A screenshot from the video game Metal Gear Solid. The protagonist, Solid Snake, is talking to his friend, Otacon.

By contrast, I’m less fond of Kojima’s later games Metal Gear Solid V: The Phantom Pain and Death Stranding. Neither are bad games, but by switching to an open-world format, both games drag. Very little of the Metal Gear Solid franchise’s ridiculously complex plot felt present in The Phantom Pain, with the story updating infrequently between bland, interchangeable missions. Death Stranding, meanwhile, had me frequently making the same deliveries over and over again, with very little reason to do so beyond increasing some in-game numbers. Kojima plans his games out meticulously enough that the gameplay is part of the overall theme and message he’s going for, but I wish he had found a way to make it a bit snappier.  

Does this mean that longer games are inherently flawed? No, of course not. If a lengthier game entertains you for the vast majority of the time, and you can find the time to play it or don’t mind taking weeks or possibly months to beat it, then that’s fine. The problem is that the longer a game is, the more likely it is that the gameplay will grow stale over the lengthier period. Very few games are able to have a core gameplay loop that consistently maintains player interest throughout the entire playthrough if the length of the game is too long.  

Two of the exceptions to this rule, for me at least, are the Dark Souls and Devil May Cry games. Both games primarily focus around tough combat, so players are constantly kept on their toes, and thus engaged, by the brutal-yet-fair combat system. Furthermore, both give players more weapons and upgrades as they proceed through them, thus offering more variety to the players while never forcing them to change their playstyle drastically. While both franchises do have the odd bad level or frustrating boss, they generally average out to being consistently enjoyable throughout the length of the gameplay, making me want more and more of their content.  

A screenshot from the video game Dark Souls. The protagonist is fighting a large dragon called Seath the Scaleless.

Not all games can maintain a solid gameplay loop, however. Many add so many elements to it that what started as a simple system soon grows needlessly complex - this was my experience with Final Fantasy VII, and I stopped enjoying it around the seven hour or so mark. Other games - frequently in the wide-open sandbox genre - try offering multiple different gameplay options for more variety, but these often end up being shallow, and the end result is a game that’s a jack of all trades, and a master of none.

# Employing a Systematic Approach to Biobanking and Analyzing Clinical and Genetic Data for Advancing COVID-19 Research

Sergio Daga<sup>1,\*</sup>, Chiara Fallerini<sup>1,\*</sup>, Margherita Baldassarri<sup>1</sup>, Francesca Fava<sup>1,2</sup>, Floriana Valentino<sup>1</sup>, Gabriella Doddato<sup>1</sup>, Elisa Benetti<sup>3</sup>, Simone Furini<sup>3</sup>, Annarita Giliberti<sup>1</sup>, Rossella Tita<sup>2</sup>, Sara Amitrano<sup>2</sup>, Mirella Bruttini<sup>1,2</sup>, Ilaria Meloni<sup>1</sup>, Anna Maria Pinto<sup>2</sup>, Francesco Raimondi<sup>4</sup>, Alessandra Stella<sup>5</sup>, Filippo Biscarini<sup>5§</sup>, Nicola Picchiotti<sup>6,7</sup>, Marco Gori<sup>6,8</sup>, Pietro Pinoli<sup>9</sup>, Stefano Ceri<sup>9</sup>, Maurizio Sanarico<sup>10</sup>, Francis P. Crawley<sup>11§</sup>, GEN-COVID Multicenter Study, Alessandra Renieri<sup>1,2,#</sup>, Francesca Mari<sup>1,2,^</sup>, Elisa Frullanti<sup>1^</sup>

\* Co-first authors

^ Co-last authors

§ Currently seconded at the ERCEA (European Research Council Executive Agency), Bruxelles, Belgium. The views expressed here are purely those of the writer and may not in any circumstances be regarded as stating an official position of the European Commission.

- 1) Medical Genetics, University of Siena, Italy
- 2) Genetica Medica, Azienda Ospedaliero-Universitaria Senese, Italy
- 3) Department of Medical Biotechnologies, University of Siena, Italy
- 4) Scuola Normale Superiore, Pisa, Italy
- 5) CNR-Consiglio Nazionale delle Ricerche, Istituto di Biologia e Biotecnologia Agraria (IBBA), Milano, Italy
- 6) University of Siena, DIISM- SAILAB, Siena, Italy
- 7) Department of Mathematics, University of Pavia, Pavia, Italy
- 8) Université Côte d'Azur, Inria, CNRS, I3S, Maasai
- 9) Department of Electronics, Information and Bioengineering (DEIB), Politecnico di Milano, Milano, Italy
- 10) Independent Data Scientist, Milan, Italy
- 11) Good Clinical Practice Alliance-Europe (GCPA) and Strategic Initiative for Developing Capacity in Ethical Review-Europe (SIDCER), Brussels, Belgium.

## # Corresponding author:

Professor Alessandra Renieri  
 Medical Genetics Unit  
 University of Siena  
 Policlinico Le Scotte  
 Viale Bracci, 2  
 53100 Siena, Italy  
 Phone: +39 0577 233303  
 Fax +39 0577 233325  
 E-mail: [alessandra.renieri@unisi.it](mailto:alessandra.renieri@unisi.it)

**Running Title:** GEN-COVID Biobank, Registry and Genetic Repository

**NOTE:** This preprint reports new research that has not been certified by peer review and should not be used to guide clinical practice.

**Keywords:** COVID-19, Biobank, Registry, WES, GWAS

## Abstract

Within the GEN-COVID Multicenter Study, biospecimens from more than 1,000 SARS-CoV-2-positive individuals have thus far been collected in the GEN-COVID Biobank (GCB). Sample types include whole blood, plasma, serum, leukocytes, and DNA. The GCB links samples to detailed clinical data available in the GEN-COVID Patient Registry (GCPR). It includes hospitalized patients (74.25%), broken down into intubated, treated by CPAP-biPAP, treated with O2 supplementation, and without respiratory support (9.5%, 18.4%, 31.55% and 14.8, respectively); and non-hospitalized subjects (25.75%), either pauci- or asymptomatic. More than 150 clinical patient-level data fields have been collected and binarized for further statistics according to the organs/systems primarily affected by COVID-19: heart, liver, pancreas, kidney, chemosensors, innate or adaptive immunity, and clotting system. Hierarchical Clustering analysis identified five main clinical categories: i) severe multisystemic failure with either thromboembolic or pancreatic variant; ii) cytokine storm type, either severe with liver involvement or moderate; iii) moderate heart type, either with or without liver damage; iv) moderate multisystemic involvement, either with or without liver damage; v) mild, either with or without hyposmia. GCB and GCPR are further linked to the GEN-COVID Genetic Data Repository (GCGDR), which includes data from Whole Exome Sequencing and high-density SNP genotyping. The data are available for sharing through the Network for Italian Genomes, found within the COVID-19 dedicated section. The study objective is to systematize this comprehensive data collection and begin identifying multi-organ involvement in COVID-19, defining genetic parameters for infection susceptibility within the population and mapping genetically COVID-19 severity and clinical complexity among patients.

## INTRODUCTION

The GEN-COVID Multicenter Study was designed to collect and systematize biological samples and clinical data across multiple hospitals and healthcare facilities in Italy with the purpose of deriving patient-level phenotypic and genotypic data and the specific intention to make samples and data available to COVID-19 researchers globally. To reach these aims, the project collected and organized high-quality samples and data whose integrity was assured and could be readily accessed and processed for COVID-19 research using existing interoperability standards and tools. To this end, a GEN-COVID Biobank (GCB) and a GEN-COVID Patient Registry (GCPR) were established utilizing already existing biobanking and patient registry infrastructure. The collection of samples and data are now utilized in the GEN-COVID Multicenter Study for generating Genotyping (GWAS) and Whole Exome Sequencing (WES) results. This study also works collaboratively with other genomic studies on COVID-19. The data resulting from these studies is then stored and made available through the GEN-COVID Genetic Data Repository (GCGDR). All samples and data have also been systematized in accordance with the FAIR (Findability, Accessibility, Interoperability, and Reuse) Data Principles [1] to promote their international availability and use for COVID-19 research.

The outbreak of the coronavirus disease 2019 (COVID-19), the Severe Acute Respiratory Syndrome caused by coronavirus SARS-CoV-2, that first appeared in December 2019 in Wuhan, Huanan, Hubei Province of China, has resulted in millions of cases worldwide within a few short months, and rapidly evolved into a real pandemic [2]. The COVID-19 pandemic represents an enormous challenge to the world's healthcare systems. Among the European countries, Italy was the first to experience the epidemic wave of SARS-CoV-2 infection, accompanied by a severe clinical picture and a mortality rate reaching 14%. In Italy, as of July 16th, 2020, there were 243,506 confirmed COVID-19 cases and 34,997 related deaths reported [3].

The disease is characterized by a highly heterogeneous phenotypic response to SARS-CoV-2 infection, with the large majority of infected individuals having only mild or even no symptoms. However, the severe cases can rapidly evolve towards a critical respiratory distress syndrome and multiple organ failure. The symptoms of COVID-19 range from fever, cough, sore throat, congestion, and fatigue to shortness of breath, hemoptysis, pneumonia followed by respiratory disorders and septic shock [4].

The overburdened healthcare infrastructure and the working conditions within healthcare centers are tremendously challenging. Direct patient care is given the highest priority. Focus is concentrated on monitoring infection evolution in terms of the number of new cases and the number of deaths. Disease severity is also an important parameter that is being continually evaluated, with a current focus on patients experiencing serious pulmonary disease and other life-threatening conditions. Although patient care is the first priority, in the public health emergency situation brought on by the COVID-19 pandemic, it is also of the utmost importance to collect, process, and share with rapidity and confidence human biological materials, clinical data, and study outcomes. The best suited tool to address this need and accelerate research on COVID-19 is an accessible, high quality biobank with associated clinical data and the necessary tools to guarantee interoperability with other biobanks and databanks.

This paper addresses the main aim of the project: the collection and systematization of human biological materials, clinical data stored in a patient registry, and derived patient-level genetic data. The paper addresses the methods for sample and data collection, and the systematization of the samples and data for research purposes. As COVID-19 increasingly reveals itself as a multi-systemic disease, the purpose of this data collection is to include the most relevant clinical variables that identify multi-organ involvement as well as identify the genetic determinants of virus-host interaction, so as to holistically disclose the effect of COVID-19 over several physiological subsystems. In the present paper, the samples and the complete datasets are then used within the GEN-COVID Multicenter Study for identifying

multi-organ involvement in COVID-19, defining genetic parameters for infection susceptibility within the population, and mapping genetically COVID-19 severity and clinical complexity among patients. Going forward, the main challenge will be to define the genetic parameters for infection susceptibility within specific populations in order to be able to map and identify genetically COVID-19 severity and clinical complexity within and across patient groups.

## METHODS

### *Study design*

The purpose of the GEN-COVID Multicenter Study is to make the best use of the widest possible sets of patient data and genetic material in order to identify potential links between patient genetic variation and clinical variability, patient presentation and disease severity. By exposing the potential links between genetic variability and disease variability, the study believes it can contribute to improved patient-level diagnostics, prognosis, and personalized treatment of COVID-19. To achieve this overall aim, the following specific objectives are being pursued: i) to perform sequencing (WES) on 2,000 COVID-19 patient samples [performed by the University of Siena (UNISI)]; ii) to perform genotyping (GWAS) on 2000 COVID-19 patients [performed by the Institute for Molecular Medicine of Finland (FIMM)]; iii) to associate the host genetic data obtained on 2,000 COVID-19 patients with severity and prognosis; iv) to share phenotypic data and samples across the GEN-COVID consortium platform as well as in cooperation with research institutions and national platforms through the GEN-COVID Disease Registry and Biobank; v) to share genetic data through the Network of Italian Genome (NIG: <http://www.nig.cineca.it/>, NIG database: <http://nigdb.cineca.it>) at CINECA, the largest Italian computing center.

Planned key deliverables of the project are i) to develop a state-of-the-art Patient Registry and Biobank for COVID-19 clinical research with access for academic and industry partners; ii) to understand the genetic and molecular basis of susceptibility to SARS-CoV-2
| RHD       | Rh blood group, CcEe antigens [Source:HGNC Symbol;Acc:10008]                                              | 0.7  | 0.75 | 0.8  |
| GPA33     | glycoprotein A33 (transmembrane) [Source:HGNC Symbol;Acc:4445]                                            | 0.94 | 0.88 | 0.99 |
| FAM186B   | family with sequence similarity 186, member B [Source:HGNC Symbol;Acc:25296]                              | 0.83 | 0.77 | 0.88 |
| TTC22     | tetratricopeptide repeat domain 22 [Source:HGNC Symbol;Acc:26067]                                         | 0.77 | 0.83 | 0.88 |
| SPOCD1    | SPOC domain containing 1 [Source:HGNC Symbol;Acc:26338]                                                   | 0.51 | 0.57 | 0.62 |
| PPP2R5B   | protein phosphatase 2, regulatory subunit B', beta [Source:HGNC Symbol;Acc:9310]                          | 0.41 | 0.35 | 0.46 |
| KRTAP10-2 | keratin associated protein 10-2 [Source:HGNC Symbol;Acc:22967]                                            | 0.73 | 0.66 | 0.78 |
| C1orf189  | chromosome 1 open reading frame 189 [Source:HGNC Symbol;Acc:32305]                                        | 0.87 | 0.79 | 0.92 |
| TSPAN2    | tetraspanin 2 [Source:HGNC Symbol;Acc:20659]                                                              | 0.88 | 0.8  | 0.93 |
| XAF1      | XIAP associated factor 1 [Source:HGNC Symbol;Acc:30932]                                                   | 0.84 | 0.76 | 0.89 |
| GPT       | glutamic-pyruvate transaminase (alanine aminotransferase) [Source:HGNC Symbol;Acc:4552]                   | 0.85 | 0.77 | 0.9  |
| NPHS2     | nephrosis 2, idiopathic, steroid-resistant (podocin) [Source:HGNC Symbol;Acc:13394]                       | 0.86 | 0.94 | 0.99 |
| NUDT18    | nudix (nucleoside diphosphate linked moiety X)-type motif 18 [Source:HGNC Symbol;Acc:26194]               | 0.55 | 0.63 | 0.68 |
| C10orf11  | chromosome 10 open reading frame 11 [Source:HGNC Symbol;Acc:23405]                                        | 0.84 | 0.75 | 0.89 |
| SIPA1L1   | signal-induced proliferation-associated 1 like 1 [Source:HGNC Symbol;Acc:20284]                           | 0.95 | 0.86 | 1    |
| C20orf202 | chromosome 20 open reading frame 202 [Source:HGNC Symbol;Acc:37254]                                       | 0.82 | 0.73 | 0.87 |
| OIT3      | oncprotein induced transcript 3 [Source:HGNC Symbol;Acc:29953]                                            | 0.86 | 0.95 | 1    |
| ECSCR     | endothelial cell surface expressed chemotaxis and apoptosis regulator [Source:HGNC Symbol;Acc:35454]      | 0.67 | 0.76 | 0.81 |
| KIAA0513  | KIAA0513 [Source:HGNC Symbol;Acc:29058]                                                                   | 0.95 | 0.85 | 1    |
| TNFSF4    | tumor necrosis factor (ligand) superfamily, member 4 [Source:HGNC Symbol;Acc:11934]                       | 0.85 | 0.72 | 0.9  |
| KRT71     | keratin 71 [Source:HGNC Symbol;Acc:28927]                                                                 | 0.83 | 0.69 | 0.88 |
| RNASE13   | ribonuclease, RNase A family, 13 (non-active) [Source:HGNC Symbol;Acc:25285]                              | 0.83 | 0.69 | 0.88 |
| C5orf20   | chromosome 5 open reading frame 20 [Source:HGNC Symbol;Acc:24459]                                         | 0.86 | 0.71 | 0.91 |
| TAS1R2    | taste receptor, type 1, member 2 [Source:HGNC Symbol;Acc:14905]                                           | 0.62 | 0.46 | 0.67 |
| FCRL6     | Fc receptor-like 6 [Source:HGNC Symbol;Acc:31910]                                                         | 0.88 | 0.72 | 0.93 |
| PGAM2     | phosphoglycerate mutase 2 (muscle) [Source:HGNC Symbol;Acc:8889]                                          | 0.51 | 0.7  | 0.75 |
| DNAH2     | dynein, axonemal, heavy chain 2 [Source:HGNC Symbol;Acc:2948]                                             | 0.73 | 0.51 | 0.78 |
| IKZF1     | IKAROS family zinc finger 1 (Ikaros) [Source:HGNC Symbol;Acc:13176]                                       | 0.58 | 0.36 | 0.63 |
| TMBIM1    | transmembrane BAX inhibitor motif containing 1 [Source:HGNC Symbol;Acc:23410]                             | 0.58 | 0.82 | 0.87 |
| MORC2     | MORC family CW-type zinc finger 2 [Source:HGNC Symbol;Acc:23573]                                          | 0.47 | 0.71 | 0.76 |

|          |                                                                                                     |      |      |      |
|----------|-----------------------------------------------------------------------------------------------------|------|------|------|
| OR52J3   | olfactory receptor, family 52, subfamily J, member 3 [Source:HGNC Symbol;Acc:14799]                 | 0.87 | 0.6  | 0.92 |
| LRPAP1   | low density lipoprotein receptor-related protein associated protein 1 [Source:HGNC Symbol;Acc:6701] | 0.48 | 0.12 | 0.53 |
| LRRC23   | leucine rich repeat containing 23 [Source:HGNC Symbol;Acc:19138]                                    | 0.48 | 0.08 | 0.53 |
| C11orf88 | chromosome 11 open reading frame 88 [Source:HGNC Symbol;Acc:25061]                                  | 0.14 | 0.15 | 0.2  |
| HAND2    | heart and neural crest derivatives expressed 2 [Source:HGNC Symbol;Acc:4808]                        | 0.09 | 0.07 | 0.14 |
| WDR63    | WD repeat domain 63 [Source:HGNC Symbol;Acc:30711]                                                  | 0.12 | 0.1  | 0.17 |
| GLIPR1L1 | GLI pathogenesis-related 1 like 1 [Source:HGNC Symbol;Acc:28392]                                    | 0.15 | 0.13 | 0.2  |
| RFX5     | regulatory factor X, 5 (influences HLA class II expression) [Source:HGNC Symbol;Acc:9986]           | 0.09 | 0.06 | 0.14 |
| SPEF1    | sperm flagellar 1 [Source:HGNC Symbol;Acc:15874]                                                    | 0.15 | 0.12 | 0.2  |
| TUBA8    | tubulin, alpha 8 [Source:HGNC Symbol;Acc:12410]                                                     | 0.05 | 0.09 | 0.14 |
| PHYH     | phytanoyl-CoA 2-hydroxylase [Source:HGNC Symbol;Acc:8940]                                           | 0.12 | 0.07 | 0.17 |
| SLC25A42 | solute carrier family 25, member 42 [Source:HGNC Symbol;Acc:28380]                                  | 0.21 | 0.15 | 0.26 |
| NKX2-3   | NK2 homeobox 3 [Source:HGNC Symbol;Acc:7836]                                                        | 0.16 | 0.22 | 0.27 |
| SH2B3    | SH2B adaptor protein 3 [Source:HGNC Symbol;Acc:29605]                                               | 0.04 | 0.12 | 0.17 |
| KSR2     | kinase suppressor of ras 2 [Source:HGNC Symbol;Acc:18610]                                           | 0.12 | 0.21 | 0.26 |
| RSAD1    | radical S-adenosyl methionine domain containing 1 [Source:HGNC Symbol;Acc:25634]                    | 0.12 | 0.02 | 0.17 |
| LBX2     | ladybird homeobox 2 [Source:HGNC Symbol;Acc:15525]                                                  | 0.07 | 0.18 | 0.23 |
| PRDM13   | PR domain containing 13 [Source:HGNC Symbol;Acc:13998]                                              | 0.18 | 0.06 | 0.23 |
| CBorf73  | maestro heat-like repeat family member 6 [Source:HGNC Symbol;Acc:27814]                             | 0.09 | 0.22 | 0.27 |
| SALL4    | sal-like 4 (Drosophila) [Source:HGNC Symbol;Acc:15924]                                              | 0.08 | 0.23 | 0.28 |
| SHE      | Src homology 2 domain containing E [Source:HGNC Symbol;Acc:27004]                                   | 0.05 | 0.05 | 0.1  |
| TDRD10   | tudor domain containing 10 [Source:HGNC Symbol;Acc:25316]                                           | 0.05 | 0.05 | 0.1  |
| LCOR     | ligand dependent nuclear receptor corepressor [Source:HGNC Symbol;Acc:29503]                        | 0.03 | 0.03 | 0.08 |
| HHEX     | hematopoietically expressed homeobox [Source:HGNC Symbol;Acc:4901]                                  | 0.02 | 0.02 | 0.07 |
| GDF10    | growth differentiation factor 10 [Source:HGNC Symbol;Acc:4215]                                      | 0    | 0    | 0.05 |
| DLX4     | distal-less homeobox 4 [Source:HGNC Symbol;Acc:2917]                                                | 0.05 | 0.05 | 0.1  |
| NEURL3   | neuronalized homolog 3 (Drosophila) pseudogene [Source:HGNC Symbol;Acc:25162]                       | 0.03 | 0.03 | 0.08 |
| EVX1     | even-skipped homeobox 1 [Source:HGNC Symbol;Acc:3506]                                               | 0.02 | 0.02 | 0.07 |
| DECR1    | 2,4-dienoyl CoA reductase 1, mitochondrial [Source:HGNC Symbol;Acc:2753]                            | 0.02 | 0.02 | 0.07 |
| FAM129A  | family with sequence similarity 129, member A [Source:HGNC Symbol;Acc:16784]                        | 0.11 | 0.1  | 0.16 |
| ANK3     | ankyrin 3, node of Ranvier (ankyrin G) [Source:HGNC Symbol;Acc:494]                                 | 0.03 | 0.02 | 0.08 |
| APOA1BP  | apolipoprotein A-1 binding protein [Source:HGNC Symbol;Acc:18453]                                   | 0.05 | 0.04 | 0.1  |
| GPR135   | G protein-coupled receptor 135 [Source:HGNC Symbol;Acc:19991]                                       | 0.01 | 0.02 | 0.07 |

Wouldn’t it be better if, rather than trying to add unnecessary elements to a game to extend the gameplay, the developers simply paced the game better, explored all of the gameplay options possible, and then ended it? Portal does just that, lasts about three or four hours, and is generally considered to be one of the best video games, period. Its strong writing definitely helps with this, but it doesn’t feel the need to throw endless waves of puzzles at the player to solve for their own sake. It does what it does well, and the player leaves having had a fantastic experience as a result.  

Ultimately, while a lengthy game can be a good thing when implemented well, the majority of games simply resort to padding themselves out with unnecessary or boring content to justify a higher price. Even when players are willing to put up with said content, it can be hard for them to find the time amongst all of their other responsibilities and tasks. If more games were made that focused on a shorter playtime with tighter mechanics, then players would have a more enjoyable experience overall.